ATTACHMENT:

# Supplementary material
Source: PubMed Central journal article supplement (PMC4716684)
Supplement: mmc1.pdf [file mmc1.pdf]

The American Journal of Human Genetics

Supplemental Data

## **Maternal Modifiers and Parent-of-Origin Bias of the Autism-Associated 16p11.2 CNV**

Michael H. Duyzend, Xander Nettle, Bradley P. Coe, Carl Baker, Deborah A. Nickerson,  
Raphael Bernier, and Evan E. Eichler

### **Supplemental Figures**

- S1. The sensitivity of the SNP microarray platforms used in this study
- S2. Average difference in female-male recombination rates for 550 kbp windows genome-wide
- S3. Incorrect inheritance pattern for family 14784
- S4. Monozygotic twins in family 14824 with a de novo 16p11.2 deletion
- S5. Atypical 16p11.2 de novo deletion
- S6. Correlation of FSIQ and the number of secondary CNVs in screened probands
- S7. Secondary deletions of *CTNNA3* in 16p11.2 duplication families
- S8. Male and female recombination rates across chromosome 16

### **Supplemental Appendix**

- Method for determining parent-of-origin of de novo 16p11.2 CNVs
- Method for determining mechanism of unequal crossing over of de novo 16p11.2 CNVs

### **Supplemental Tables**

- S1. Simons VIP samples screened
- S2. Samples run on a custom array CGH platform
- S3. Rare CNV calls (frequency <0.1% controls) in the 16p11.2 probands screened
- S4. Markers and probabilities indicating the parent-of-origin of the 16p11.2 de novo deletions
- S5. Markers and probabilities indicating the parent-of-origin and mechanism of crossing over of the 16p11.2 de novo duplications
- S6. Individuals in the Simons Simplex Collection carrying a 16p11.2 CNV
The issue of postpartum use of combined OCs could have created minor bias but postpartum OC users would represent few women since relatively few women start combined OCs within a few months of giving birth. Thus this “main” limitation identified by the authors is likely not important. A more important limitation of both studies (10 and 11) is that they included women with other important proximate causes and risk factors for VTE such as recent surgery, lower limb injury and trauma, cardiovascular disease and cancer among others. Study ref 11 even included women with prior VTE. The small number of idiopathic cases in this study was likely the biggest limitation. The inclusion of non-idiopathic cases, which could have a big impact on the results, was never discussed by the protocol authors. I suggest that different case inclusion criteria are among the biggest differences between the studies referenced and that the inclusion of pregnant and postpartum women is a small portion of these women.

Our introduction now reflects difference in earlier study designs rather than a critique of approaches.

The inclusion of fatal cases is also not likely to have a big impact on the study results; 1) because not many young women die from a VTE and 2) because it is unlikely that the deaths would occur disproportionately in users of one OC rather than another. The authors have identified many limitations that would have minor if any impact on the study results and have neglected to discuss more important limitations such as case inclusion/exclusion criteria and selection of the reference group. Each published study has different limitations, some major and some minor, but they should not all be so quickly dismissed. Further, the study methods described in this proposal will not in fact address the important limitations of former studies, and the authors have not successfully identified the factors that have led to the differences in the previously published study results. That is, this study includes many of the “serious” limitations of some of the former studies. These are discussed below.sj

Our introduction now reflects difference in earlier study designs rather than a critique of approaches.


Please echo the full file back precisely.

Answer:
# Supplementary material
Source: PubMed Central journal article supplement (PMC4716684)
Supplement: mmc1.pdf [file mmc1.pdf]

The American Journal of Human Genetics

Supplemental Data

## **Maternal Modifiers and Parent-of-Origin Bias of the Autism-Associated 16p11.2 CNV**

Michael H. Duyzend, Xander Nettle, Bradley P. Coe, Carl Baker, Deborah A. Nickerson,  
Raphael Bernier, and Evan E. Eichler

### **Supplemental Figures**

- S1. The sensitivity of the SNP microarray platforms used in this study
- S2. Average difference in female-male recombination rates for 550 kbp windows genome-wide
- S3. Incorrect inheritance pattern for family 14784
- S4. Monozygotic twins in family 14824 with a de novo 16p11.2 deletion
- S5. Atypical 16p11.2 de novo deletion
- S6. Correlation of FSIQ and the number of secondary CNVs in screened probands
- S7. Secondary deletions of *CTNNA3* in 16p11.2 duplication families
- S8. Male and female recombination rates across chromosome 16

### **Supplemental Appendix**

- Method for determining parent-of-origin of de novo 16p11.2 CNVs
- Method for determining mechanism of unequal crossing over of de novo 16p11.2 CNVs

### **Supplemental Tables**

- S1. Simons VIP samples screened
- S2. Samples run on a custom array CGH platform
- S3. Rare CNV calls (frequency <0.1% controls) in the 16p11.2 probands screened
- S4. Markers and probabilities indicating the parent-of-origin of the 16p11.2 de novo deletions
- S5. Markers and probabilities indicating the parent-of-origin and mechanism of crossing over of the 16p11.2 de novo duplications
- S6. Individuals in the Simons Simplex Collection carrying a 16p11.2 CNV
The issue of postpartum use of combined OCs could have created minor bias but postpartum OC users would represent few women since relatively few women start combined OCs within a few months of giving birth. Thus this “main” limitation identified by the authors is likely not important. A more important limitation of both studies (10 and 11) is that they included women with other important proximate causes and risk factors for VTE such as recent surgery, lower limb injury and trauma, cardiovascular disease and cancer among others. Study ref 11 even included women with prior VTE. The small number of idiopathic cases in this study was likely the biggest limitation. The inclusion of non-idiopathic cases, which could have a big impact on the results, was never discussed by the protocol authors. I suggest that different case inclusion criteria are among the biggest differences between the studies referenced and that the inclusion of pregnant and postpartum women is a small portion of these women.

Our introduction now reflects difference in earlier study designs rather than a critique of approaches.

The inclusion of fatal cases is also not likely to have a big impact on the study results; 1) because not many young women die from a VTE and 2) because it is unlikely that the deaths would occur disproportionately in users of one OC rather than another. The authors have identified many limitations that would have minor if any impact on the study results and have neglected to discuss more important limitations such as case inclusion/exclusion criteria and selection of the reference group. Each published study has different limitations, some major and some minor, but they should not all be so quickly dismissed. Further, the study methods described in this proposal will not in fact address the important limitations of former studies, and the authors have not successfully identified the factors that have led to the differences in the previously published study results. That is, this study includes many of the “serious” limitations of some of the former studies. These are discussed below.sj

Our introduction now reflects difference in earlier study designs rather than a critique of approaches.